I endured – and barely survived – depression that lasted for over five years, described by my psychiatrist as ‘the worst he had ever treated’. In searching for a solution, I tried everything.

Between every antidepressant you could shake a stick at and the more extreme and dramatic electric shock therapy, nothing worked. Meanwhile, my marriage fell apart and my professional life disintegrated. Even my suicide attempts were unsuccessful – I just couldn’t catch a break!

Slowly, eventually, through intensive support and a holistic treatment plan, I overcame depression – something I thought was impossible during my darkest days, when death was preferable to the prolonged and seemingly endless suffering.

Recovering from what I perceived to be the irrecoverable, I was determined to devote all my efforts to helping others beat depression too. This work is more fulfilling than anything I could have dreamed of when I was a high-flying executive and business owner.

After interviewing thousands of people both suffering from and caring for someone with depression, heartwarming stories emerged of people battling depression against the odds and winning.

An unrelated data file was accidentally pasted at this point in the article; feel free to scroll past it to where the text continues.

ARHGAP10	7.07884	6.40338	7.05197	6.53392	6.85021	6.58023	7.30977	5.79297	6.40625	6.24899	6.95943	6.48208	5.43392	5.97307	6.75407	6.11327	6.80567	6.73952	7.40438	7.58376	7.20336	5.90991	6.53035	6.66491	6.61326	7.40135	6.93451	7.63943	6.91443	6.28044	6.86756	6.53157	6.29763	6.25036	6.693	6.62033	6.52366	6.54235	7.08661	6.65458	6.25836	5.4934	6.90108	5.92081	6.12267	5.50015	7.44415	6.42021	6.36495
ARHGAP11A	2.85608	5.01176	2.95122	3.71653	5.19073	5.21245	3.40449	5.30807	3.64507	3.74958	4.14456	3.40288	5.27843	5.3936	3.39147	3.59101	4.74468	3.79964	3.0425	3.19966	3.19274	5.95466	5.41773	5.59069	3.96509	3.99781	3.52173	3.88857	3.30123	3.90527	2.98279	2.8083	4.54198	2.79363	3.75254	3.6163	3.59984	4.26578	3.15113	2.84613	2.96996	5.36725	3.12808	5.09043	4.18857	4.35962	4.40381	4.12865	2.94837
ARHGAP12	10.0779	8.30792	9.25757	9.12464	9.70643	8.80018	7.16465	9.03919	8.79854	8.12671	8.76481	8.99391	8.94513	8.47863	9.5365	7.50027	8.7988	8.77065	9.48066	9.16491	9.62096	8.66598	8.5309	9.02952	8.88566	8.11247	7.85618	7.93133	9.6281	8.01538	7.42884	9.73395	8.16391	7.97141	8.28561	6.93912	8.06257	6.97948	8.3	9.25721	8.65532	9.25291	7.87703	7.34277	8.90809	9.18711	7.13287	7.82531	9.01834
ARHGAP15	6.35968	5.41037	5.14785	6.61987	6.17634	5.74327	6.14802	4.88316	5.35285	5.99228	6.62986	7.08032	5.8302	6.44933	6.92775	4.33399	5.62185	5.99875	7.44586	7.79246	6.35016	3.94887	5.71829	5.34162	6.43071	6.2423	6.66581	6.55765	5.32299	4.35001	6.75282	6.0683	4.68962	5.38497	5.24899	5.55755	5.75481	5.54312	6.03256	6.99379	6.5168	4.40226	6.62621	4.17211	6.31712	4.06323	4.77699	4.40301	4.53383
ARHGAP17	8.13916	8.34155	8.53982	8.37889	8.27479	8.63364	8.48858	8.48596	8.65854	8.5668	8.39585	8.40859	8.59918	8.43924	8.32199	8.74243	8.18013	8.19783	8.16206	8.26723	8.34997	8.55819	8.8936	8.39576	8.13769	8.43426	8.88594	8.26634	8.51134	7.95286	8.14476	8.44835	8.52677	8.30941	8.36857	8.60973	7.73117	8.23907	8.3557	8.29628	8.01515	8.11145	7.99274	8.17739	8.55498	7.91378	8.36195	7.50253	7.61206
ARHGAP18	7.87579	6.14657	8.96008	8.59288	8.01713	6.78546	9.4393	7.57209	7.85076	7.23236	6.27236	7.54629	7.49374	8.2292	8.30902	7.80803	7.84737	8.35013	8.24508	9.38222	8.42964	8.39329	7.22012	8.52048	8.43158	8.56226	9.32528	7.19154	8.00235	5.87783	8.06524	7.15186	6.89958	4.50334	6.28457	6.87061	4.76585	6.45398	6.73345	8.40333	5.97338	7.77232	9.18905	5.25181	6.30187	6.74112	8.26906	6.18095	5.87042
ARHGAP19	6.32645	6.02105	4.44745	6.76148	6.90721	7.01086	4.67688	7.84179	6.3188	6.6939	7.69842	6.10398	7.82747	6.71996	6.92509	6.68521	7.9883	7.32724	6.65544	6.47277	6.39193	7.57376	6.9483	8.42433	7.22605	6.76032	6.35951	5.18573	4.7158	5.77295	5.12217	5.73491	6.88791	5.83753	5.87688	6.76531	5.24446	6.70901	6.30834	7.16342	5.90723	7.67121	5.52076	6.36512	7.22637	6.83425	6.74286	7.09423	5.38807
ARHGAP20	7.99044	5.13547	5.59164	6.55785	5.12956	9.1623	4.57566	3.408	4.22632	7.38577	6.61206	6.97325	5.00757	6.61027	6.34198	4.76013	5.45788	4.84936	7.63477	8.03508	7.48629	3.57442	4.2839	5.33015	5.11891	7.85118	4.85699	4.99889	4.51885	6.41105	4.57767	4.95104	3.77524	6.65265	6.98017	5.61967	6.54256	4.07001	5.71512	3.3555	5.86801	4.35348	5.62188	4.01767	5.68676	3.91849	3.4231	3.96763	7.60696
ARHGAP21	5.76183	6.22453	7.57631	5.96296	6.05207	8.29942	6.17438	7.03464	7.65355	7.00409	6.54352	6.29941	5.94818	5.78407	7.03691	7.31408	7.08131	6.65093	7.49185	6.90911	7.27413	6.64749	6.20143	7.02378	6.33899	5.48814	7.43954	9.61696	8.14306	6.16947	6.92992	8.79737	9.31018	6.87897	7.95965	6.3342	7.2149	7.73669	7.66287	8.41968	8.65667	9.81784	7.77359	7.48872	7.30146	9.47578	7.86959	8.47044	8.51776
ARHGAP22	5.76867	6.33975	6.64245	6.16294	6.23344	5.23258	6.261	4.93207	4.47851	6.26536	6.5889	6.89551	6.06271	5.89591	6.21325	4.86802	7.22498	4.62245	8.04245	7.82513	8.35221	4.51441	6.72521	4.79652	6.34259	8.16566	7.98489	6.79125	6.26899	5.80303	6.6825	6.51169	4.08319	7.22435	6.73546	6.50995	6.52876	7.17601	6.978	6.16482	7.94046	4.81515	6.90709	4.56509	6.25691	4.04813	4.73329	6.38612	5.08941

Others shared their coping and treatment strategies; some revealed what helped them through their worst moments and what has helped them make real and lasting changes to their lives to help prevent depression from returning or deal with it if it does.


Find Out How You Can Beat Depression Now

In the same way that there are different types of depression, the illness afflicts people in different ways and requires different approaches for treatment. There is no one ‘right way’.

That’s where my new resource, Beating Depression, comes in. It helps make recovery real, not just possible. It consolidates years of research, thousands of interviews and saves immeasurable despair through not seeking treatment or having a poor treatment strategy.

Beating Depression is described by Dr. Peter Cotton, Clinical and Organisational Psychologist, as “clear” and offering “a pragmatic and holistic approach to recovery for both the person living with depression and their carer.”

From a free and quick mental health check to advice on finding and evaluating professional medical experts, local support networks and making lasting changes to your life through dieting and exercise, Beating Depression is the faithful companion by your side – your mental health concierge.

Be guided and supported from the depths of depression to the dizzying heights of recovery and thriving. The Seven Essential Strategies, trusted handpicked resources, and impartial, pragmatic information help you take action to treat depression and live a more fulfilling, purposeful life.

Resources, websites, audio and worksheets help you step-by-step through the important process of identifying your needs, creating and sticking to a treatment plan and setting and reaching goals that take you towards away from depression and towards a life beyond the black dog.

Find out more about Beating Depression and it can help you or your loved one.